How to Write a Dissertation without Going Nuts

A month and a half ago I started writing my dissertation. Data collection started about 10 months ago, and I was still deep in data analysis in January when I realized I was going to have to start writing as I was analyzing data in order to get this thing done in time. A draft will go to my chair on Friday! (Whoa.) What is a dissertation anyway? Google tells me it's "a long essay on a particular subject, especially one written as a requirement for the Doctor of Philosophy degree." A long essay is an understatement. My dissertation as it stands is 250 pages long with 30 tables of data and 20 figures representing theoretical models and emergent relationships in my data on the practices of science blogging.

How do you write a 250 page document chock-full of data tables, figures and references without your brain turning to mush? Good question. Here are my tips for writing a dissertation without going nuts, pulling your hair out, or throwing your computer over a balcony in a fit of rage.

Lay it out

I HATE revising and formatting manuscript drafts. Before I ever started writing my dissertation, I located my graduate school's formatting guidelines and started a new Word document complete with title page, acknowledgement section, table of contents section, chapter sections, reference and appendix sections. I inserted Word document page-breaks between each new section and plugged in the proper formatting and font. This way, I won't have to go back to format my document when I get ready to submit it to the graduate school. I also feel better typing into a Word document that already looks like what a dissertation document or academic paper (APA style for me) should look like - it just makes me feel less "cluttered" inside and gets me in technical writing mode.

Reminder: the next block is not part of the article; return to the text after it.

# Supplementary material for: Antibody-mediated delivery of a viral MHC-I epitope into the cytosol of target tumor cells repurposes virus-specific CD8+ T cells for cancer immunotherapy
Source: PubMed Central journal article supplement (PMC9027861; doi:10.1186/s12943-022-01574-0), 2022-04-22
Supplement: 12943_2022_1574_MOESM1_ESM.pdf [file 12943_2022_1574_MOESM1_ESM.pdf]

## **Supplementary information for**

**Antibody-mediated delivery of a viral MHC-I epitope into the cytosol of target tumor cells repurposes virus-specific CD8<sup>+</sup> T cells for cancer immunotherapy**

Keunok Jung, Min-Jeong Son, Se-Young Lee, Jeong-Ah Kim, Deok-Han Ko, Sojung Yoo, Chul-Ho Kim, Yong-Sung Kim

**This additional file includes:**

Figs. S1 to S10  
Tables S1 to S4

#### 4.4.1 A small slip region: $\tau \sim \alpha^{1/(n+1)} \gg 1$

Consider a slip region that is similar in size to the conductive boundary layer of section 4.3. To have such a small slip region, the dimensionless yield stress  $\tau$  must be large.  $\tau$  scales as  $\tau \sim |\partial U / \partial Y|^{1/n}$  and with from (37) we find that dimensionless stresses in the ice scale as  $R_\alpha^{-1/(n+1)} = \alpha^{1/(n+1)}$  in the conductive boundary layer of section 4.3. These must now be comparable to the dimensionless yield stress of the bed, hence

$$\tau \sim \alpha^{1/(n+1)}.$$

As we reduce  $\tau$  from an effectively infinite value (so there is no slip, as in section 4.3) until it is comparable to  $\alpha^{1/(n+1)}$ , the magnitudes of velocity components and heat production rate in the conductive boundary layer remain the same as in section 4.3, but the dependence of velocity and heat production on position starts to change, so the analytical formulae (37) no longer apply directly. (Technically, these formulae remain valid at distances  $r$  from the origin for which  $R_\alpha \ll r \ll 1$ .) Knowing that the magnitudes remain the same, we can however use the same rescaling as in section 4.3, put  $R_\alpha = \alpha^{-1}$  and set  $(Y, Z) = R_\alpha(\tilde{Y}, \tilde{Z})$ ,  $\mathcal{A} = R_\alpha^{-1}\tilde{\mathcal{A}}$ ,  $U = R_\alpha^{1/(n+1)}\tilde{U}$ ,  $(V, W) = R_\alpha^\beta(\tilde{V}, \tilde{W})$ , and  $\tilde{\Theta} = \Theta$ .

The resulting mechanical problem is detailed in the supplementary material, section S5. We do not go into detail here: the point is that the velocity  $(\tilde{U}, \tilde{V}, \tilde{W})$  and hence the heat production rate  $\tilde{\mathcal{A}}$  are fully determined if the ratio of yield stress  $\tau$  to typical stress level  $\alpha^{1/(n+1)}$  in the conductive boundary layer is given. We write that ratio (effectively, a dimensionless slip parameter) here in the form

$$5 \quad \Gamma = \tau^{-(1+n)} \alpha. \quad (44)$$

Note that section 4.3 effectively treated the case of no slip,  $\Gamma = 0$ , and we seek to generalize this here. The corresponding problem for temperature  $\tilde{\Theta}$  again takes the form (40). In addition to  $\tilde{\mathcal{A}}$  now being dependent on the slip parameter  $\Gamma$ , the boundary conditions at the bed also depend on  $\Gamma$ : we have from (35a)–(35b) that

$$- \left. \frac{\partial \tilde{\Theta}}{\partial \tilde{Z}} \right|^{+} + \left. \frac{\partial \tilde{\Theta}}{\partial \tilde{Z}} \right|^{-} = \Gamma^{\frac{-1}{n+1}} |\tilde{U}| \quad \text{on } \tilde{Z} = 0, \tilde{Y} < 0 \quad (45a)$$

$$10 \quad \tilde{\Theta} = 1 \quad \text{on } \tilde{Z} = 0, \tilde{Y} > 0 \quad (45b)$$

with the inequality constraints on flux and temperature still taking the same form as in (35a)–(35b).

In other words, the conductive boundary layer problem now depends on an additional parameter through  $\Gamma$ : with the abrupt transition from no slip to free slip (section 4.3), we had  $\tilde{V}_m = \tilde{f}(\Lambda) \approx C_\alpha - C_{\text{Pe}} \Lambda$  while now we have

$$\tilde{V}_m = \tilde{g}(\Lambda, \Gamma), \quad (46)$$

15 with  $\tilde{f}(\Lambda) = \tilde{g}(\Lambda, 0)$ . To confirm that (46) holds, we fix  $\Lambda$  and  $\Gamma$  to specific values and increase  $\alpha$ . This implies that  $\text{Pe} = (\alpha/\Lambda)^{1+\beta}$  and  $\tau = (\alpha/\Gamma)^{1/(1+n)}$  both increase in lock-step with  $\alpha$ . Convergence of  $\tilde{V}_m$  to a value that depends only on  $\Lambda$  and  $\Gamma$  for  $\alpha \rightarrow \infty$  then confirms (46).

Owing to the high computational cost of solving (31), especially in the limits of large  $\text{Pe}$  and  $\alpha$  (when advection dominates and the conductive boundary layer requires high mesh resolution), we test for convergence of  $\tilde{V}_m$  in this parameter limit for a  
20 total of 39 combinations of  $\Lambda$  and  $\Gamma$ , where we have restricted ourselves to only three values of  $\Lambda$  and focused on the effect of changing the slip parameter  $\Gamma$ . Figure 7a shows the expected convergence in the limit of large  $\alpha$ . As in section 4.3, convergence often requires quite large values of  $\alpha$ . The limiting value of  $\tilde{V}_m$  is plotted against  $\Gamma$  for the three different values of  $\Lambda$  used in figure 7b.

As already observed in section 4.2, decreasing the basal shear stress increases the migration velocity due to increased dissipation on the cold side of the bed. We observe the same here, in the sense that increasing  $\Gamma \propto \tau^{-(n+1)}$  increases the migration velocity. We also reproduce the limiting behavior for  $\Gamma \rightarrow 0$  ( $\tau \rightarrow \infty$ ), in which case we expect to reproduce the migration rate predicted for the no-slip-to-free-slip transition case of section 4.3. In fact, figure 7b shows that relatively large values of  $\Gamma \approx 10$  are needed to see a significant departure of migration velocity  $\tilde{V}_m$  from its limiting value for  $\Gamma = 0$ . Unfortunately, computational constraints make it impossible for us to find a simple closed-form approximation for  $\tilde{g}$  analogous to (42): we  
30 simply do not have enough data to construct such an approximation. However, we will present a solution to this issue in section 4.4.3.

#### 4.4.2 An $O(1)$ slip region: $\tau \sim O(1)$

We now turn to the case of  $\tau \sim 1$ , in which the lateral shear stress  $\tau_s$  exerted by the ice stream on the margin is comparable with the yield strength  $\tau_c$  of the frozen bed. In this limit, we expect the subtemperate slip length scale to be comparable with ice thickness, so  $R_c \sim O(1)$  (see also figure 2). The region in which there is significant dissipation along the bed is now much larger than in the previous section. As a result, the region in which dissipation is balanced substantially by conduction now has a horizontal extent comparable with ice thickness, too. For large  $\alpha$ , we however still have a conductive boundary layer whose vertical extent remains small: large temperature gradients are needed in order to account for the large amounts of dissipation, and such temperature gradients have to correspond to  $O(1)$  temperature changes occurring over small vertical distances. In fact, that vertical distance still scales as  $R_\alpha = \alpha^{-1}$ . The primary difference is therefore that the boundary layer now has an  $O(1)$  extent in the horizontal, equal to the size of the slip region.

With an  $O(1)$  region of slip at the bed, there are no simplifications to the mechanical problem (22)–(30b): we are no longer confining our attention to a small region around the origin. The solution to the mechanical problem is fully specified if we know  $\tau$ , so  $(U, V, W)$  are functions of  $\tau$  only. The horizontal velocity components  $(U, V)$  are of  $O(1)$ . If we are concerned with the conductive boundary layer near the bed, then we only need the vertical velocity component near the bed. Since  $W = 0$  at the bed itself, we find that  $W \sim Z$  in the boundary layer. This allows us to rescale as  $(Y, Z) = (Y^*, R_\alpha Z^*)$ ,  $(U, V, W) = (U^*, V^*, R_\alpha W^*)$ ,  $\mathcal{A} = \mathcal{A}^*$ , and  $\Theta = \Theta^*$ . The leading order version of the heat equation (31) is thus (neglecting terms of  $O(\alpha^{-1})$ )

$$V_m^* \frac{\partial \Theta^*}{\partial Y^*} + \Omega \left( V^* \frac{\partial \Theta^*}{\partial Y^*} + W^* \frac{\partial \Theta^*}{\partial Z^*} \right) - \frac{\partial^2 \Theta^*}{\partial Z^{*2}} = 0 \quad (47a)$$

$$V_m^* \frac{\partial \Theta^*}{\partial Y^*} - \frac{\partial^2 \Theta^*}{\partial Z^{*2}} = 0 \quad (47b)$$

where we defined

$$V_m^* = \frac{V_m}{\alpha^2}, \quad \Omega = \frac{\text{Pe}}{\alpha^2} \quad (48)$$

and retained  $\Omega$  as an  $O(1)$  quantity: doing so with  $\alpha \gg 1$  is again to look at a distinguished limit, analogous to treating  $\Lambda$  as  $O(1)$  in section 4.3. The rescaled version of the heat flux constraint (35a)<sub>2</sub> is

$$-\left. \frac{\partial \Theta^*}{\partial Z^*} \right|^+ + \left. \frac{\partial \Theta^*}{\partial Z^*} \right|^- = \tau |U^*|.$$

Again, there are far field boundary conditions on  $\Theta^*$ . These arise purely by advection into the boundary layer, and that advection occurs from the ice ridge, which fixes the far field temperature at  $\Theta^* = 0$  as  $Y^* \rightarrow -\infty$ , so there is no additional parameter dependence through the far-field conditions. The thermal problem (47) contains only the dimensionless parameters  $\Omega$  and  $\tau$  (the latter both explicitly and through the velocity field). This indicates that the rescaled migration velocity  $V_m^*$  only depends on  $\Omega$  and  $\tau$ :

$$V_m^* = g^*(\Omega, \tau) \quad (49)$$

Also, lay out an outline of what your dissertation should look like. Is each chapter going to be a separate "study" complete with methods and results, or are your chapters going to be the classic introduction, literature review, methods, results and discussion/conclusion sections? Figure this out early, so you don't have to spend time at the end moving everything around and filling in the gaps. An unorganized layout can lead to great stress down the road when you have 150 pages to juggle around.

Now just start writing

Still analyzing data? Just start writing your literature review or methods section. As soon as you have a solid idea in your head, whether it's an idea about your theoretical approach or about how the results are falling into place within your theoretical framework, write it down! And your introduction and methods sections should be easy to write even if you don't have a solid idea of how your dissertation results flow yet. At some point, you just have to start writing. It won't be perfect, and you may have to rearrange your sections later, but that's OK.

Get into a routine

Seriously, this sounds trite and silly, but it's far from it. Think about how long you have before a draft is due and what you need to do to get there. Try to figure out how much you need to accomplish on a daily basis to meet the deadline. When I started writing a little over a month ago, I was still coding the 50 in-depth interviews I had conducted with science bloggers for a qualitative research component of my dissertation. To code every interview at least twice over, I figured out at the time I needed to get through at least two interviews a day to finish coding with a couple weeks to spare for writing up the results. So no matter what happened, no matter if I had to stay up until 3am on a busy day to get those two interviews done, that's what I did day after day. I also set a goal at the time of ~5 pages a day of dissertation writing. I knew that if I could write ~5 pages of my dissertation manuscript, along with coding and making notes on two interviews, every single day from mid-January to early-March, I could get this thing done.

Take some time to THINK